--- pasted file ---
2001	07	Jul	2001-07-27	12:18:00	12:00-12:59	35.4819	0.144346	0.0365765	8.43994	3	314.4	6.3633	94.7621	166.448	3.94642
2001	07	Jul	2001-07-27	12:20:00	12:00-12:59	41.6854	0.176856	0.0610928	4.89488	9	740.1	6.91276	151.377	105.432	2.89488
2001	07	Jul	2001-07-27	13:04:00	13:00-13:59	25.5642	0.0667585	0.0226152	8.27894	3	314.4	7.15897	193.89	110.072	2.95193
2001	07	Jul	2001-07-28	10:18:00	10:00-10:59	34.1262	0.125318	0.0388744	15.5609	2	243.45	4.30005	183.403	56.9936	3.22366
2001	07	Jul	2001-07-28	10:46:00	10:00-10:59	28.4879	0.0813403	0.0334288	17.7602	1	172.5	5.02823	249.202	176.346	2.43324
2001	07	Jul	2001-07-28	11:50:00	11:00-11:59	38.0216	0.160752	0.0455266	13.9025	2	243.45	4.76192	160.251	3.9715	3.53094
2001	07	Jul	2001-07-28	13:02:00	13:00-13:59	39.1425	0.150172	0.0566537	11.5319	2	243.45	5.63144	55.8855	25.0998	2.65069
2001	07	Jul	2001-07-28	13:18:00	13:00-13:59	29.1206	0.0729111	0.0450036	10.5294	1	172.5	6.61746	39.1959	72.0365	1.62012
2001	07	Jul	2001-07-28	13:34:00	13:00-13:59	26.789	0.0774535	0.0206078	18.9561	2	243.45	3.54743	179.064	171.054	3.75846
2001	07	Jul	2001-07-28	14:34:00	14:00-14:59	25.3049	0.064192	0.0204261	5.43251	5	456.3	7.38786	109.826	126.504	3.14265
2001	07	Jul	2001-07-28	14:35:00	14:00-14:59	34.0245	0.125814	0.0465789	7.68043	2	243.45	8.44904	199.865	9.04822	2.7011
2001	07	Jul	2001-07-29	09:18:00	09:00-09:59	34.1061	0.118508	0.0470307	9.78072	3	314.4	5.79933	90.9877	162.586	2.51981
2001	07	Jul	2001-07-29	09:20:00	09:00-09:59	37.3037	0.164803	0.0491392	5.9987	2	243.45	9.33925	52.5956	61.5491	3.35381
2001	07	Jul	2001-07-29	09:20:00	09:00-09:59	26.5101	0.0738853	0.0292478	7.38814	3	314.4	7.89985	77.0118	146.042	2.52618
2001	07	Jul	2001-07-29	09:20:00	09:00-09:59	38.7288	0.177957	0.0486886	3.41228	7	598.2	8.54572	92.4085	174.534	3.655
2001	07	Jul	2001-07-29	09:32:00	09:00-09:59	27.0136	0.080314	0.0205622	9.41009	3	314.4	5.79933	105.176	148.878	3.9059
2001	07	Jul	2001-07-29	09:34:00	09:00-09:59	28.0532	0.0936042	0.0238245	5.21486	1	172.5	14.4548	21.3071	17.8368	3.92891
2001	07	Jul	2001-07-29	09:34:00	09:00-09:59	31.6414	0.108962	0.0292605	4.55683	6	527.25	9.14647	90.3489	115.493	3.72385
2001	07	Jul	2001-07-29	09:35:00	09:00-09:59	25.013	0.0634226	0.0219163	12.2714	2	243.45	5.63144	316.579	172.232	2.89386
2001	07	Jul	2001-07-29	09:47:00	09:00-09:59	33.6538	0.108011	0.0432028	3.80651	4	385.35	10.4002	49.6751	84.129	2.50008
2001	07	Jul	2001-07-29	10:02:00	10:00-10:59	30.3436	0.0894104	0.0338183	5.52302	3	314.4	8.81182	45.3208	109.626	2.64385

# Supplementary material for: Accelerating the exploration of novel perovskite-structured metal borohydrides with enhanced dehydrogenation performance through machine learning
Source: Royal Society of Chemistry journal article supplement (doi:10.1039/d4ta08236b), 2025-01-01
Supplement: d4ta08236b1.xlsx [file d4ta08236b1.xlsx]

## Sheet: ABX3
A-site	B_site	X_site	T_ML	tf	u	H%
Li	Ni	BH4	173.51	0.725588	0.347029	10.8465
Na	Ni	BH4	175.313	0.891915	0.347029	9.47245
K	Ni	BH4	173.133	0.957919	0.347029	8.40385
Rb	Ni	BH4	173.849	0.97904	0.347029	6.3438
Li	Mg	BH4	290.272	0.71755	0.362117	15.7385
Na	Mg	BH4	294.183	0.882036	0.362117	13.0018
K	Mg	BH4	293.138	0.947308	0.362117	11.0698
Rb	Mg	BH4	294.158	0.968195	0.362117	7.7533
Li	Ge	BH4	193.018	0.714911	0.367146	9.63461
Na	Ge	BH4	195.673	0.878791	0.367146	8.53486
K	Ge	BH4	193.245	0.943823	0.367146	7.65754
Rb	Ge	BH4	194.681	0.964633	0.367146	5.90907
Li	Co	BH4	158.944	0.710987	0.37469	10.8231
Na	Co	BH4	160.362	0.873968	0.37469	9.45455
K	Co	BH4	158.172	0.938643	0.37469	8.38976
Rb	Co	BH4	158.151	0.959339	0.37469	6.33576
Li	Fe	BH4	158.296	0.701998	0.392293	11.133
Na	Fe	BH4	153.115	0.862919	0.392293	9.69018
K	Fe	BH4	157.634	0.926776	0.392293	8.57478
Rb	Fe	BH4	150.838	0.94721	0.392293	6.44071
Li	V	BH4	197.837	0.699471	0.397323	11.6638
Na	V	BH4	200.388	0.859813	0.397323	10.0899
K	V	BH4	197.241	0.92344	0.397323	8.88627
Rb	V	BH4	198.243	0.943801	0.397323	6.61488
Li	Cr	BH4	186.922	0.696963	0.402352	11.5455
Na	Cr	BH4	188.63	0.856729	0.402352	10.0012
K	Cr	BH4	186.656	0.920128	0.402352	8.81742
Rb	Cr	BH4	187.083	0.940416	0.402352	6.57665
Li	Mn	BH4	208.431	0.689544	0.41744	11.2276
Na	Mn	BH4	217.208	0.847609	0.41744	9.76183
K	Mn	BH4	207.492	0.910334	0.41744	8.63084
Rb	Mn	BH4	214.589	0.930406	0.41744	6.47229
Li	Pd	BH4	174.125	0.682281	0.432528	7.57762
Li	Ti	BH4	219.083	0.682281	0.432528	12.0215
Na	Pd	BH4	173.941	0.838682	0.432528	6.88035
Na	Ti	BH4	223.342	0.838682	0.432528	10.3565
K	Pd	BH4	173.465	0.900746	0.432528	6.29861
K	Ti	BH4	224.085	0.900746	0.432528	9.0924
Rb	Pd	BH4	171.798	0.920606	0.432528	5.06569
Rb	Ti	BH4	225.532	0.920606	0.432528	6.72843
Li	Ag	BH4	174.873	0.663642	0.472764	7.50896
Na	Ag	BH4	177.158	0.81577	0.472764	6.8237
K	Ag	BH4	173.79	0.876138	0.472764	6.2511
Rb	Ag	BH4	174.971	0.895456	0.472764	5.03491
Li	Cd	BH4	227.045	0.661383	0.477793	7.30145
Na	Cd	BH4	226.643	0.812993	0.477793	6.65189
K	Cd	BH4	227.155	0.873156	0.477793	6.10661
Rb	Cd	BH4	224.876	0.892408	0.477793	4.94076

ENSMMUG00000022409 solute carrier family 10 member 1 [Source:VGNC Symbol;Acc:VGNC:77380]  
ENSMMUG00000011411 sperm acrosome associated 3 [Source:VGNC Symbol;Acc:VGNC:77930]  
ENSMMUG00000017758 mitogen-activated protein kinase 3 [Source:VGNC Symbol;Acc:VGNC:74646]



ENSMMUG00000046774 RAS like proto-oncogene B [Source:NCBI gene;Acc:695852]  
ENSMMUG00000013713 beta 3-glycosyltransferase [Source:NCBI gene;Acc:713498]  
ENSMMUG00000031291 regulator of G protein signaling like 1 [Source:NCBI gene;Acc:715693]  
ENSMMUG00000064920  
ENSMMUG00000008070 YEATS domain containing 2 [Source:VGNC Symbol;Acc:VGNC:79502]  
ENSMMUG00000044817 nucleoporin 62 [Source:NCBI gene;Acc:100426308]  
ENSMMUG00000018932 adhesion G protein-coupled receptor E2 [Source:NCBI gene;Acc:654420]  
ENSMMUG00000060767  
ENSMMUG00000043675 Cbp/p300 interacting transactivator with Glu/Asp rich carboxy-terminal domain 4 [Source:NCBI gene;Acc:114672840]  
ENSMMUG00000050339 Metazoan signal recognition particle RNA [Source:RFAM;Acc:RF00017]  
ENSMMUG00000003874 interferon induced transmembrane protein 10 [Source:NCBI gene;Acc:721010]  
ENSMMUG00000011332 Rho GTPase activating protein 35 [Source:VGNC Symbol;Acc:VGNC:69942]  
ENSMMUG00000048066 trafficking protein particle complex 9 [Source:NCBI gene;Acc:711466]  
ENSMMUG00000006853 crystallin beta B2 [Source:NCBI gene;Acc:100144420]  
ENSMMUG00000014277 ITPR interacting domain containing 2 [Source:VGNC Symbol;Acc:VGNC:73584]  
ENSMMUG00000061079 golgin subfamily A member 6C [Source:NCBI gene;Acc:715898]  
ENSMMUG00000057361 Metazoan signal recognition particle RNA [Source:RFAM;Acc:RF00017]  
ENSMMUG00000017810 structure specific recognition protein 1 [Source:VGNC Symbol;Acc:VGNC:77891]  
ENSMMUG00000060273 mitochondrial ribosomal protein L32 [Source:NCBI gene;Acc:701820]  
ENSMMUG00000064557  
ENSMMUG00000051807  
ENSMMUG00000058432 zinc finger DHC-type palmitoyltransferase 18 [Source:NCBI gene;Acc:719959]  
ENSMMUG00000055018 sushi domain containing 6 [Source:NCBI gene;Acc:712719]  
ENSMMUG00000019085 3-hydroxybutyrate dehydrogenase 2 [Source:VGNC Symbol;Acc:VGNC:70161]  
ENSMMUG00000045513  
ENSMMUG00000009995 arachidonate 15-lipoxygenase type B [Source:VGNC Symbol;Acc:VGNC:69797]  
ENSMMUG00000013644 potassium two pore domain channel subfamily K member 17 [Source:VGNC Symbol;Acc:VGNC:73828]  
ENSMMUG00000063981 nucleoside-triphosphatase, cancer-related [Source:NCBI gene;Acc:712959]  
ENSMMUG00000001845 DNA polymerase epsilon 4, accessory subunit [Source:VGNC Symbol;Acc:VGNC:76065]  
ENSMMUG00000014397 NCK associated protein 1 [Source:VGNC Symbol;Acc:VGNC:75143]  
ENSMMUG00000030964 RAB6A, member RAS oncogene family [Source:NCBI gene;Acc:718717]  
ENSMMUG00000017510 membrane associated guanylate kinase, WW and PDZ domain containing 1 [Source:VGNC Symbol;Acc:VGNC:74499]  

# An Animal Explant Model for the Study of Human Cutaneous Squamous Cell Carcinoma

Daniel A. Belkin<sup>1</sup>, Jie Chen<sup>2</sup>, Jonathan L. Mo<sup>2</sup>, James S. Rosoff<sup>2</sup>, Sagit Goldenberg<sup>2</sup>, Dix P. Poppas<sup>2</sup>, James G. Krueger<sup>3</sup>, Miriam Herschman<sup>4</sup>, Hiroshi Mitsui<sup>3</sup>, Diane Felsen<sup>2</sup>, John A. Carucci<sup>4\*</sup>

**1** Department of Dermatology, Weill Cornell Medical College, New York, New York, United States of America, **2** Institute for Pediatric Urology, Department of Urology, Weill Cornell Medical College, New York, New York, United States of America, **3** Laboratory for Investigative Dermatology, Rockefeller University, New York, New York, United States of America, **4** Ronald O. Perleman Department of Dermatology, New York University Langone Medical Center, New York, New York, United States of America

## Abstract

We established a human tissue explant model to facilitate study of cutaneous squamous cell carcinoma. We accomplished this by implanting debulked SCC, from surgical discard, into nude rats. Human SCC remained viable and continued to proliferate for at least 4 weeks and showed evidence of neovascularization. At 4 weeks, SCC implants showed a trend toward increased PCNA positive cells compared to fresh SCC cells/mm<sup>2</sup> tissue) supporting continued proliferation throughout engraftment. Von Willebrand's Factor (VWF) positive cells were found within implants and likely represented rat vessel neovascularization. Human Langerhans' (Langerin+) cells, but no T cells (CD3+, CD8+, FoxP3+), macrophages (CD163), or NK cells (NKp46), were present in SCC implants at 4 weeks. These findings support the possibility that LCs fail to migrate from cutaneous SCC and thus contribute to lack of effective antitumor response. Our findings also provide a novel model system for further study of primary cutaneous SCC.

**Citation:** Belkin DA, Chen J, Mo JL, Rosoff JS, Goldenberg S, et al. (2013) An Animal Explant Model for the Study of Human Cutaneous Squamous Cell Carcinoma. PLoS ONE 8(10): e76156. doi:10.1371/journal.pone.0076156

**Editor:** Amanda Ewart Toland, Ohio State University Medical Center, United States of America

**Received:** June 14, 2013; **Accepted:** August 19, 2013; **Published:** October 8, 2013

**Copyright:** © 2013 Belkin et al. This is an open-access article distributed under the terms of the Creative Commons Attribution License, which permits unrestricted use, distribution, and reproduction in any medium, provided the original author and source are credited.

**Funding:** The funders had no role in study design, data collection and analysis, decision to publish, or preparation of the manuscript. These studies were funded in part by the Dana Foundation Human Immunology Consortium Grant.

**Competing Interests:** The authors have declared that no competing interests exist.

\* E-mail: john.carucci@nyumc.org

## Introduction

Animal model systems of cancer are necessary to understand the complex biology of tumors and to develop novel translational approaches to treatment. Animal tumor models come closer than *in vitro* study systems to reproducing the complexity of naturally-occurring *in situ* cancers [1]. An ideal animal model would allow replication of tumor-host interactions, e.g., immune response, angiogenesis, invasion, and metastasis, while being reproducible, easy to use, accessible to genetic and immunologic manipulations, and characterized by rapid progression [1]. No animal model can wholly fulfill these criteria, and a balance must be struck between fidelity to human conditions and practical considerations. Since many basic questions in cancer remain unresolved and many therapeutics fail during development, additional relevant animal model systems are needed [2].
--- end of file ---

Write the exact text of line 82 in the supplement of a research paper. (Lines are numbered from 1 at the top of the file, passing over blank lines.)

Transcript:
ENSMMUG00000008070 YEATS domain containing 2 [Source:VGNC Symbol;Acc:VGNC:79502]  